BEIRUT: President Michel Sleiman called during a Cabinet meeting Tuesday for an end to the open-ended strike by the public sector as unions reiterated their demand that the government refer the draft wage scale to Parliament during a march toward Baabda Palace.
Civil servants and public school teachers in the thousands gathered at the junction leading to Baabda Palace, where they held their rally, in another day of the weeks-long, open-ended strike called by the Union Coordination Committee (UCC) over the thorny wage hike.
Sleiman, who headed the Cabinet session, urged the UCC, a coalition of teachers and public sector employees, to call off its strike for the sake of citizens.
He said the salary scale was being “carefully examined” by Prime Minister Najib Mikati, the relevant ministers, the Economic Committees and the UCC.
The president has promised that the Cabinet will refer the salary scale to Parliament during the first Cabinet session after March 21, a move that prompted private school teachers Monday to suspend their participation in the strike which was launched on Feb. 19.
“As of March 21, Cabinet will start discussing the revenues for the salary scale,” Sleiman said during the meeting Tuesday.
During the rally near the Presidential Palace, the UCC pledged to continue with the strike until its demands were met.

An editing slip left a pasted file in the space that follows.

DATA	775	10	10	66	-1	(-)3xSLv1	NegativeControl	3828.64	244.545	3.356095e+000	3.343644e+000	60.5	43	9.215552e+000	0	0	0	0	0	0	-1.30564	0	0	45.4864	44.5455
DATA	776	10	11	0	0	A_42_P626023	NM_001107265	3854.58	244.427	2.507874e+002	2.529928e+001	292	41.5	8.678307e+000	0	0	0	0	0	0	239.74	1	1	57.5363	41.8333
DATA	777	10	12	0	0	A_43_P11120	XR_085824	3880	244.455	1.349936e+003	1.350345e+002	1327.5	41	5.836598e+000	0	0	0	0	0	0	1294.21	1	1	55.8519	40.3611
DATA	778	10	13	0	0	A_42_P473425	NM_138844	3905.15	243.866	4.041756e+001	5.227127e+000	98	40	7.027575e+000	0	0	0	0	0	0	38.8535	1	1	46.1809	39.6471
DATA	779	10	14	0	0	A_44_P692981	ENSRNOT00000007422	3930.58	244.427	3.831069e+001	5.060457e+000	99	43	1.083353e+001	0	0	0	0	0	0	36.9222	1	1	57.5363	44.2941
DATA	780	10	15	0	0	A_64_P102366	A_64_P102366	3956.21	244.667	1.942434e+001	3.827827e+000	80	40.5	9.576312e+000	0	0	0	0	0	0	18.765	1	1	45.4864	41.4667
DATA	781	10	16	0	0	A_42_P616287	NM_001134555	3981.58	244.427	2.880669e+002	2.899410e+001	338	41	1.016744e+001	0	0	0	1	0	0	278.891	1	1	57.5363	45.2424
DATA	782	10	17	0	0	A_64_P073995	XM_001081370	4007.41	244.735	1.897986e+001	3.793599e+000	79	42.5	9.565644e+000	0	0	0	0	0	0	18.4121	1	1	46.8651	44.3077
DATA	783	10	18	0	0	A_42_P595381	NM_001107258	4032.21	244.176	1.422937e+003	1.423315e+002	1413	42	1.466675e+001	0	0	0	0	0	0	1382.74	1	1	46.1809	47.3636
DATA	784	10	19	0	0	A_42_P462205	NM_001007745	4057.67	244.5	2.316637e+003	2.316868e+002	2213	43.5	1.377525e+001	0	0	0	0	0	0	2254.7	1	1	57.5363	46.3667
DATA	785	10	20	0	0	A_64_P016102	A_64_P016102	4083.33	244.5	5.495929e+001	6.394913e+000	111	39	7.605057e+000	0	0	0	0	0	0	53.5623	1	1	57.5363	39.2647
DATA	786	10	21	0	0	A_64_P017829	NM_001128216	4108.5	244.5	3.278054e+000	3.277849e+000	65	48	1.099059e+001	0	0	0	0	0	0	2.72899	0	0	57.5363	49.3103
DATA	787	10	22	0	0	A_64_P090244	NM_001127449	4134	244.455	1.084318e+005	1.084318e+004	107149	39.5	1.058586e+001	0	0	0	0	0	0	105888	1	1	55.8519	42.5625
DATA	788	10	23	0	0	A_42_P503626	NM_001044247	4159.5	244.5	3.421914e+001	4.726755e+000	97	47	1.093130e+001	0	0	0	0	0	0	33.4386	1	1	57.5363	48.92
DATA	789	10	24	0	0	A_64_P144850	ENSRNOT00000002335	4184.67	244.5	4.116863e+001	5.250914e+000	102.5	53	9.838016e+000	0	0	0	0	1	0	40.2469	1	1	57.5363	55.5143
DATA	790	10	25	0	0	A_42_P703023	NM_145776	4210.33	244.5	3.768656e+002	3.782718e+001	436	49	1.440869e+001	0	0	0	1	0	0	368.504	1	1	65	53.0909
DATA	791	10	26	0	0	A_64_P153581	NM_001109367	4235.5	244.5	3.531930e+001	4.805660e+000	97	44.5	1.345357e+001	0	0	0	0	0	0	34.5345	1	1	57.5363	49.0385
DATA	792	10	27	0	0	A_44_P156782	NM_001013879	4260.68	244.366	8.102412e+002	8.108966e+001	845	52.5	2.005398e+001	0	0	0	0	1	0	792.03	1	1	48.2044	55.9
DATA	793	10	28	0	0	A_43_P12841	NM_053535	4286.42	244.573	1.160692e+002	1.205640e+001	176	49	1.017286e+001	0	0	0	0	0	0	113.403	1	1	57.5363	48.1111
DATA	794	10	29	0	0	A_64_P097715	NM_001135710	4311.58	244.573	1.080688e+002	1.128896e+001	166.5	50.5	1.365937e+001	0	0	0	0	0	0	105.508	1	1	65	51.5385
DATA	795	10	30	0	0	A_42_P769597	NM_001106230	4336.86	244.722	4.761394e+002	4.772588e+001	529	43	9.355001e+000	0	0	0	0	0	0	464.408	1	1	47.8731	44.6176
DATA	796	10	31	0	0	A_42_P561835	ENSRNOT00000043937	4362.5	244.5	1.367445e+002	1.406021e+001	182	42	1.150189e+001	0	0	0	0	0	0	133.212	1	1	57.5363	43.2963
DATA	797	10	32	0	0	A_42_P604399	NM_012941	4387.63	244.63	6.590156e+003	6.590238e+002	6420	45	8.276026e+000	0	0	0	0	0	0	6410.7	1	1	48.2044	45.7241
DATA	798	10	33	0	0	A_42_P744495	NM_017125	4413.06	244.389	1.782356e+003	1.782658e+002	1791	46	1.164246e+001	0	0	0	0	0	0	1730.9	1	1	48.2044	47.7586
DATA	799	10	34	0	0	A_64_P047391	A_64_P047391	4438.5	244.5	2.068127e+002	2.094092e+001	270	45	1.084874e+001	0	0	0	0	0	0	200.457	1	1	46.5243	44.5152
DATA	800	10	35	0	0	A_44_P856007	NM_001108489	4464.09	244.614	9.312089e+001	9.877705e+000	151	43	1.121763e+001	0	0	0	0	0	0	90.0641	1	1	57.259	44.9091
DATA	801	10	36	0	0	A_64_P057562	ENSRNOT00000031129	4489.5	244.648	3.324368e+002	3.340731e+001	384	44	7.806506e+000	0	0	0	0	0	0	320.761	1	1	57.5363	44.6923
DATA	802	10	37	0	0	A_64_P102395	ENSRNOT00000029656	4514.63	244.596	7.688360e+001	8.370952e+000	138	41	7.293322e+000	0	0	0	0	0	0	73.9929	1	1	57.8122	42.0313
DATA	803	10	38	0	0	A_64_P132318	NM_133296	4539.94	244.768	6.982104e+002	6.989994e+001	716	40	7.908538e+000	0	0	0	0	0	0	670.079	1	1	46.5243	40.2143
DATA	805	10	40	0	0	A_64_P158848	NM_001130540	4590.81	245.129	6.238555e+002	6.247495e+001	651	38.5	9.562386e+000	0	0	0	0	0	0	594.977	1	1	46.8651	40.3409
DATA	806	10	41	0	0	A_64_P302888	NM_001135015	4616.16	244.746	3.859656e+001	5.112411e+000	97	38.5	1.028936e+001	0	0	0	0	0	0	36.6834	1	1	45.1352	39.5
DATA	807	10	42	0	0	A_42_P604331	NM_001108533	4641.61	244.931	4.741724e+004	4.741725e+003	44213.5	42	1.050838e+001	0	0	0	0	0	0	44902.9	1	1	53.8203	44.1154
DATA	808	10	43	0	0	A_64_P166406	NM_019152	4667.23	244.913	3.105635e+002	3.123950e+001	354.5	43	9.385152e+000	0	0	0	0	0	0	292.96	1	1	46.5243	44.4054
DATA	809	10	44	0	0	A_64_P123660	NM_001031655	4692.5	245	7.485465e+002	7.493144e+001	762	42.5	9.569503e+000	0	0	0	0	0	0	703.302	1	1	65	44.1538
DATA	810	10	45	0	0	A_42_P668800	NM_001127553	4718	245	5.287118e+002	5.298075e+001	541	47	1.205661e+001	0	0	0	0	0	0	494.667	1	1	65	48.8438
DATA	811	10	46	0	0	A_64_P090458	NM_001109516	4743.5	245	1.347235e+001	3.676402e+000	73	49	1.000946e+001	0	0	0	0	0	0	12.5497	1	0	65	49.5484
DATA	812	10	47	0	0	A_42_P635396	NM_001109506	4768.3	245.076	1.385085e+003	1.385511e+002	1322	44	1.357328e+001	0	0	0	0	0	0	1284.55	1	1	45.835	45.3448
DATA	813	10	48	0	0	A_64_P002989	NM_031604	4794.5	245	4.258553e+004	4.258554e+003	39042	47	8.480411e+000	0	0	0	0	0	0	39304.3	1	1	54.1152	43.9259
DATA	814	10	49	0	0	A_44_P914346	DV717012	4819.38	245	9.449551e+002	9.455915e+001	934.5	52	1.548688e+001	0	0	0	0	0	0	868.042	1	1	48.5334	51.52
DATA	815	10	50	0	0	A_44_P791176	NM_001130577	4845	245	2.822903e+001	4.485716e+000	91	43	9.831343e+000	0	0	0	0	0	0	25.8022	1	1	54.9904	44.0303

“Enough promises, we will not step back until you meet our demands,” said UCC Secretary-General Nazih Jerbawi.
“We demand [President Michel Suleiman] looks into our demands and take a decisive position at Cabinet sessions,” he added.
The National News Agency reported that the high turnout of protestors resulted in the blocking the Baabda-Jamhour highway, causing heavy congestion.
Head of the Public Sector Employees Association also pledged that civil servants would remain on strike until the new salary scale is passed.
A statement by the UCC called on teachers and public employees to gear up for protests on Thursday, when Teachers’ day is celebrated in Lebanon.
“[Teachers’ Day] will be about anger against officials that forgo the needs of their people,” the statement said.
Mikati argues that more time is needed to study ways of financing the wage hike.
In an interview late Monday, the prime minister vowed he would not bow down to pressure from the unions and said that the wage scale would not be referred to Parliament while the strike continued.
"We will not approve anything under pressure or under strike,” Mikati said.
"We are studying the [means] of financing [the pay raise] and the effects of the salary increase; and we will finalize the issue by March 21,” he added.